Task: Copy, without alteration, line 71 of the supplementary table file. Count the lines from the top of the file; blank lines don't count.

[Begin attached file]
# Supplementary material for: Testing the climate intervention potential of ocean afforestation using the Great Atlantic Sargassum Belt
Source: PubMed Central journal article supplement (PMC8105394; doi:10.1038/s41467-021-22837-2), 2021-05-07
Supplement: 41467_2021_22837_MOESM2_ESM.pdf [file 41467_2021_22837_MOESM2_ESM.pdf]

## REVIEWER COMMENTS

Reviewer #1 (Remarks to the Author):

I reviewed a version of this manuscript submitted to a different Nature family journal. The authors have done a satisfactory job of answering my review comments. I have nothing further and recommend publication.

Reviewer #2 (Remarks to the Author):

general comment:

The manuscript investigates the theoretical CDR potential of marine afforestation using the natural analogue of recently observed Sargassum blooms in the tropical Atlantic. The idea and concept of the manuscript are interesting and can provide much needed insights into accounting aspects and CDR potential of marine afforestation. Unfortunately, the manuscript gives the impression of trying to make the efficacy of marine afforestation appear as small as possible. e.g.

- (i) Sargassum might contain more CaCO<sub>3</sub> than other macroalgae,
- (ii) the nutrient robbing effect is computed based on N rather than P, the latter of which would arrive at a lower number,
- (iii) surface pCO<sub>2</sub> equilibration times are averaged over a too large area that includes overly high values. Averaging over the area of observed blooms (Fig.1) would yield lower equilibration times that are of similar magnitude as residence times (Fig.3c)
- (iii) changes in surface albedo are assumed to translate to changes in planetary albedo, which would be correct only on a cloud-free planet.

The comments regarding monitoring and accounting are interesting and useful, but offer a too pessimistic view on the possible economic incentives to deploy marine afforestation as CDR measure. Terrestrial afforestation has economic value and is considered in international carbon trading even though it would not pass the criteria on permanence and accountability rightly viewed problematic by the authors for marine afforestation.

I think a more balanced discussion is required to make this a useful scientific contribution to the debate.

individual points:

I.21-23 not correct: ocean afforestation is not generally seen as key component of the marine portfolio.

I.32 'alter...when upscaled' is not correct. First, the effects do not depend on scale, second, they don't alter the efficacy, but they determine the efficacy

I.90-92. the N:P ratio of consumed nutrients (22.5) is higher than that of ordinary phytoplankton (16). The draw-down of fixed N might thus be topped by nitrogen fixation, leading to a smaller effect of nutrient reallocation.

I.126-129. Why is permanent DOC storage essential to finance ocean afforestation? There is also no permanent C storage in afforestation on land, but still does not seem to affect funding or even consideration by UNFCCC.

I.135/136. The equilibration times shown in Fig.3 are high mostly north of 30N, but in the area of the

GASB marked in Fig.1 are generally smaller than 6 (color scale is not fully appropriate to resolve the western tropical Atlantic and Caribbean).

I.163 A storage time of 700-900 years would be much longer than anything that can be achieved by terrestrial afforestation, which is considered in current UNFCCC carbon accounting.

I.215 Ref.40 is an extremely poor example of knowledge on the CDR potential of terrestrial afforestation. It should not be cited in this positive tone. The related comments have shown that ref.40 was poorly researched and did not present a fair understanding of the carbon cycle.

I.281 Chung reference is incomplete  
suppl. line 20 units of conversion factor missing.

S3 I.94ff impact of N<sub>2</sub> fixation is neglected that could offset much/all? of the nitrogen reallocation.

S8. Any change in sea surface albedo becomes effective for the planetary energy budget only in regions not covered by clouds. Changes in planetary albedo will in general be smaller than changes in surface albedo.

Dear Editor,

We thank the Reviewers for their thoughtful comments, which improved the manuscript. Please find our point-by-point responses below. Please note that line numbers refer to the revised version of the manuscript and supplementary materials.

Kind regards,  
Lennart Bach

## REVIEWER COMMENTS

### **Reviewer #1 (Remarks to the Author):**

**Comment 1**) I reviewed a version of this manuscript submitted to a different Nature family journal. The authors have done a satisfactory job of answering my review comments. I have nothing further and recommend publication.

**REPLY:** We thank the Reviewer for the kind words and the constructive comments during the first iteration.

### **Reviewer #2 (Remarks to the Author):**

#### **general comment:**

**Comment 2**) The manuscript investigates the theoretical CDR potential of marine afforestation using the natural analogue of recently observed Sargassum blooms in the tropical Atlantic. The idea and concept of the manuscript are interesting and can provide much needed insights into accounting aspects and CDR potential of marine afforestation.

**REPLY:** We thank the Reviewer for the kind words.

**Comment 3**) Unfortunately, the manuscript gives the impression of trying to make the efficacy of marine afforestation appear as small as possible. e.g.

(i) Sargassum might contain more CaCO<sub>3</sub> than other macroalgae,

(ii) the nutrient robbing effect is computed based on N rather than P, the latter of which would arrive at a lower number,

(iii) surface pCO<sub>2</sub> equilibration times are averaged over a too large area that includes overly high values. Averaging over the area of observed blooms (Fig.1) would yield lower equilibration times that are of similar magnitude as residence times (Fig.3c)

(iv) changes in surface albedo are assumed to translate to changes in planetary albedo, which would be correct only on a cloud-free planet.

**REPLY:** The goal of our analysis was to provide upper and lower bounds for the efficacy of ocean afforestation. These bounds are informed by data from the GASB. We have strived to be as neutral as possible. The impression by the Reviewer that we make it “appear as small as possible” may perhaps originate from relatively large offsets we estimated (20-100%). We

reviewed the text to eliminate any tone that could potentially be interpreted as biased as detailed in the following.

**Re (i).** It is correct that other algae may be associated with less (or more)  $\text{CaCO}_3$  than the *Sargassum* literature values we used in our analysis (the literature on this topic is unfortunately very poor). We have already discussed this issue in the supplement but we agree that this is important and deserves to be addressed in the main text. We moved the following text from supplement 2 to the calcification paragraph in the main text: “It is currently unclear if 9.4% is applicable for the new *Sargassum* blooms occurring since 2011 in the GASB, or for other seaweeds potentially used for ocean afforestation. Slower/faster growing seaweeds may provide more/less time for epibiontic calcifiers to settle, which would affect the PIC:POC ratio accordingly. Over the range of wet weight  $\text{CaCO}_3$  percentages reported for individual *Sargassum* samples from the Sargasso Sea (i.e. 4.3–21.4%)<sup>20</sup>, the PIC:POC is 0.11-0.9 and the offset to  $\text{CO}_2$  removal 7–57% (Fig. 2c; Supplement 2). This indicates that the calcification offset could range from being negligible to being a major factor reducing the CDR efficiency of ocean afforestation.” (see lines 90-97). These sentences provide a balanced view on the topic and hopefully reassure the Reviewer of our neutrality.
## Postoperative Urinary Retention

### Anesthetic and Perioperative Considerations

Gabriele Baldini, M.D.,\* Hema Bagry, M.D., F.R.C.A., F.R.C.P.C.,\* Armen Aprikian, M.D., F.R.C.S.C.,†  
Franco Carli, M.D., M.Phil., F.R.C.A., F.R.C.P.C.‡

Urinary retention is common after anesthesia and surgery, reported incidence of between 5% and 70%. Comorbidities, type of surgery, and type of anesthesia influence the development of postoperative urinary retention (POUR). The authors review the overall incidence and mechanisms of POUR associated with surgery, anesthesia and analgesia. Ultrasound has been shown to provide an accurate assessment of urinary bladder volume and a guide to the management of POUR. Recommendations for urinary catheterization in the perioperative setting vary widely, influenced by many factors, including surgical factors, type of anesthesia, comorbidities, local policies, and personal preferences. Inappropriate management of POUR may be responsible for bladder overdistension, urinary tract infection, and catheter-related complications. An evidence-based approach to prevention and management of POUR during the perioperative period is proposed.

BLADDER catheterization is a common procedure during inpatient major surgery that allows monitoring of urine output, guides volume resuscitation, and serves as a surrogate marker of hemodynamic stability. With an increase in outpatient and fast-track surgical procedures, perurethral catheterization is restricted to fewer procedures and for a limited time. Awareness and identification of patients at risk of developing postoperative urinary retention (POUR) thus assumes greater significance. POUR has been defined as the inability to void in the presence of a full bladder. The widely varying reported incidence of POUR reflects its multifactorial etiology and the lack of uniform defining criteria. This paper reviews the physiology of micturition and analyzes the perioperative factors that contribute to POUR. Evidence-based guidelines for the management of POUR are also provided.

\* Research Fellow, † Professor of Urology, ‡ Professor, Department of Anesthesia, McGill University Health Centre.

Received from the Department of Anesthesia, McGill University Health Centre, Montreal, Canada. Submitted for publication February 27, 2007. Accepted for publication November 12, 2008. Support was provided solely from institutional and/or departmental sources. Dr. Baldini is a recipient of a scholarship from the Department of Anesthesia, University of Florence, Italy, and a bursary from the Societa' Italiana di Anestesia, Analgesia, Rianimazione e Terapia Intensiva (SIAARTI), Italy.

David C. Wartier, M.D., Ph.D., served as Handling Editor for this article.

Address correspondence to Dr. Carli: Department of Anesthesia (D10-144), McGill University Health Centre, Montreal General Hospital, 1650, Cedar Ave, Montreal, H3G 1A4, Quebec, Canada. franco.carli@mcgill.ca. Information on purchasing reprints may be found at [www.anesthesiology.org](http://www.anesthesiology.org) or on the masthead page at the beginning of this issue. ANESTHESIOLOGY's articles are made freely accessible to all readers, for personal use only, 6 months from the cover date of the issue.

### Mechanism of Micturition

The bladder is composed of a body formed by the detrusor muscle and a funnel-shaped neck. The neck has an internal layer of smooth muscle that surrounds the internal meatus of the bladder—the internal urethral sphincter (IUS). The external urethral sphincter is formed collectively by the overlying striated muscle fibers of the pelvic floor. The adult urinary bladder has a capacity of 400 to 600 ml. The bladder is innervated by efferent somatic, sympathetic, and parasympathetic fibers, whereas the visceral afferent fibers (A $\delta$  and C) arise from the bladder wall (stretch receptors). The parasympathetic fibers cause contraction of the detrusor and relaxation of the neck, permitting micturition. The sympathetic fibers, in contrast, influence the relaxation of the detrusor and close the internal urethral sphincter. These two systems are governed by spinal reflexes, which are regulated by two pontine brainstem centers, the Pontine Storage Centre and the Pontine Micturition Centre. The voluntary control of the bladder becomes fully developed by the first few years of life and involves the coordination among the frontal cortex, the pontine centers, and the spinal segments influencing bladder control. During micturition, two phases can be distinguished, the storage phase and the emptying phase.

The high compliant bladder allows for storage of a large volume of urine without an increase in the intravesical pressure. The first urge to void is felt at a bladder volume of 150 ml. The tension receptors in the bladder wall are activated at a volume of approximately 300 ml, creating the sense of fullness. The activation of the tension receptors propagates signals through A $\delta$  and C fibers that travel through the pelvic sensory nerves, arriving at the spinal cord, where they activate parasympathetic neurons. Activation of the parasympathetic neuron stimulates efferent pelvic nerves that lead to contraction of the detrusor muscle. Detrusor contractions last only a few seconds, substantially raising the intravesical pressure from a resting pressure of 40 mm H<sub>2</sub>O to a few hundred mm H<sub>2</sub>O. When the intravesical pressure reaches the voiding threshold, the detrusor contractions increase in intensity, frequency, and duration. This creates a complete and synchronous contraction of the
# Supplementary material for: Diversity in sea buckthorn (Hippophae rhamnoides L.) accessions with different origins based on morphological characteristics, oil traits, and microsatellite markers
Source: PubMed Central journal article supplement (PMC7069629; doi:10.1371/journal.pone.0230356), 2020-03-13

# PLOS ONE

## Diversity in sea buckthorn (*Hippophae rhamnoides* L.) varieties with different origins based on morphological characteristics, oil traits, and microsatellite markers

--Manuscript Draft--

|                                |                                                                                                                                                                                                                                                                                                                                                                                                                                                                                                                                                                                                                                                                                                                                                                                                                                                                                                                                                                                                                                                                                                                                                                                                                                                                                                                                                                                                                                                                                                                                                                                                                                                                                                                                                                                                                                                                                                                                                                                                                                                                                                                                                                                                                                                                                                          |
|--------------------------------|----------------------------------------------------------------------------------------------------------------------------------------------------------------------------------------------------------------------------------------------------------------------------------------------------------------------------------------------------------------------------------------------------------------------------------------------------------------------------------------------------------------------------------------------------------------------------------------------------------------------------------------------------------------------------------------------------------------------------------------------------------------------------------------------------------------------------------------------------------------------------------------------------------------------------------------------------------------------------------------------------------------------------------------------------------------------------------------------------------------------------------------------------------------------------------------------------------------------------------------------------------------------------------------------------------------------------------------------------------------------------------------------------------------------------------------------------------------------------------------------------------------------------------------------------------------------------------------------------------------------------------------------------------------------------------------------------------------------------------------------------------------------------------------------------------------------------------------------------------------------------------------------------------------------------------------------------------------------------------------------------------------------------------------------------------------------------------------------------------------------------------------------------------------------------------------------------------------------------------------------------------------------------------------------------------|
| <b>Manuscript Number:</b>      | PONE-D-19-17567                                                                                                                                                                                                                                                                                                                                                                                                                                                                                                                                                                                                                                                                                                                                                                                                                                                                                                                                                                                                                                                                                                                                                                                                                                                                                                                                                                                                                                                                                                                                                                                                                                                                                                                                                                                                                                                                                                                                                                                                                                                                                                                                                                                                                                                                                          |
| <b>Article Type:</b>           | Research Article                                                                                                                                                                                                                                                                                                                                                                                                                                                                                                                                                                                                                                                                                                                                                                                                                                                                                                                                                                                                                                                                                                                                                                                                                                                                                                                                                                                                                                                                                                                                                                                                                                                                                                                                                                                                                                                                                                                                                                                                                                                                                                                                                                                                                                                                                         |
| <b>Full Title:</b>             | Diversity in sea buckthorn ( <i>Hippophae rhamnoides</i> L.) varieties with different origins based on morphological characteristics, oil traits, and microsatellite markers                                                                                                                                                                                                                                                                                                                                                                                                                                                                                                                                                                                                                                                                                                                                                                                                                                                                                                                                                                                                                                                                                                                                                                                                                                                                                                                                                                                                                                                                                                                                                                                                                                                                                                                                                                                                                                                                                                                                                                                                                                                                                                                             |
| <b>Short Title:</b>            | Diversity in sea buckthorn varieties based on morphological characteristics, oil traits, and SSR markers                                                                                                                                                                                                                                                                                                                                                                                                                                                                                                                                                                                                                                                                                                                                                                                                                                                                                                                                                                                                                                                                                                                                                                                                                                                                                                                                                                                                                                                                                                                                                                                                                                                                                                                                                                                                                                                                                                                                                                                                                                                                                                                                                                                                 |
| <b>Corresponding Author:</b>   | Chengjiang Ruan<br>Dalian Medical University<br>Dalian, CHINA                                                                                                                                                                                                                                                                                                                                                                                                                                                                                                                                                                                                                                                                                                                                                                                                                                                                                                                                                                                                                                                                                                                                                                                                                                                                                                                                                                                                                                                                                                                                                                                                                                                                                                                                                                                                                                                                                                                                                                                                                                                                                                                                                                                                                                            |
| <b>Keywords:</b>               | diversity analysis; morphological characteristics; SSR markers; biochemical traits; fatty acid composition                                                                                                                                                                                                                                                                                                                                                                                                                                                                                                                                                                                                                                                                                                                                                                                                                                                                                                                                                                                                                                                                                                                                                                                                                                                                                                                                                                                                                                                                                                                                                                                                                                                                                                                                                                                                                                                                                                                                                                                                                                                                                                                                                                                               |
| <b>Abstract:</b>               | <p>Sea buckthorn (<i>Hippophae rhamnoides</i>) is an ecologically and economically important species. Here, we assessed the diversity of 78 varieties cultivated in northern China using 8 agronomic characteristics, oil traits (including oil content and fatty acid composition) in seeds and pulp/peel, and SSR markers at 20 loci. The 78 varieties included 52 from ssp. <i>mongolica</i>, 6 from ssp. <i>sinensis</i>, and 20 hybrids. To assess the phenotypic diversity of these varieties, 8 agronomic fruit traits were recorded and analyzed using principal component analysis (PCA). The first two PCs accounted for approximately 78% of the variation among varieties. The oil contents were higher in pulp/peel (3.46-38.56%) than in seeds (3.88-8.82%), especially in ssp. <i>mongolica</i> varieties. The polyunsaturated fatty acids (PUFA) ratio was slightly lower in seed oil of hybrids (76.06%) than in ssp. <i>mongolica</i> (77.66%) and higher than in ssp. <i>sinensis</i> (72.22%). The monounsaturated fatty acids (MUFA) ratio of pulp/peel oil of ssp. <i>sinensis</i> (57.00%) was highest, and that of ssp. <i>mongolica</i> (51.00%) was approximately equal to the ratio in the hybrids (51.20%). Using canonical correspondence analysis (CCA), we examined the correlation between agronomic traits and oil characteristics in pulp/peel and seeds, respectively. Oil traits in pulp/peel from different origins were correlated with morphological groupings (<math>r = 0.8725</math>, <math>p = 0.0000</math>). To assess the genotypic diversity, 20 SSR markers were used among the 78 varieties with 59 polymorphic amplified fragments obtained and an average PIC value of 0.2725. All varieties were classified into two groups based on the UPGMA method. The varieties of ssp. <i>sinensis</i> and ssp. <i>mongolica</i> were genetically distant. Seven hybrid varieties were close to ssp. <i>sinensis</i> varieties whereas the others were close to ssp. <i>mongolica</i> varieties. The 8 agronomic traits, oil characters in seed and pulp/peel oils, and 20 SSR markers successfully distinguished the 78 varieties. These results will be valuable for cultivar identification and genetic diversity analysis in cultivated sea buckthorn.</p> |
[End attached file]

| <b>Full Title:</b>             | Diversity in sea buckthorn ( <i>Hippophae rhamnoides</i> L.) varieties with different origins based on morphological characteristics, oil traits, and microsatellite markers                                                                                                                                                                                                                                                                                                                                                                                                                                                                                                                                                                                                                                                                                                                                                                                                                                                                                                                                                                                                                                                                                                                                                                                                                                                                                                                                                                                                                                                                                                                                                                                                                                                                                                                                                                                                                                                                                                                                                                                                                                                                                                                             |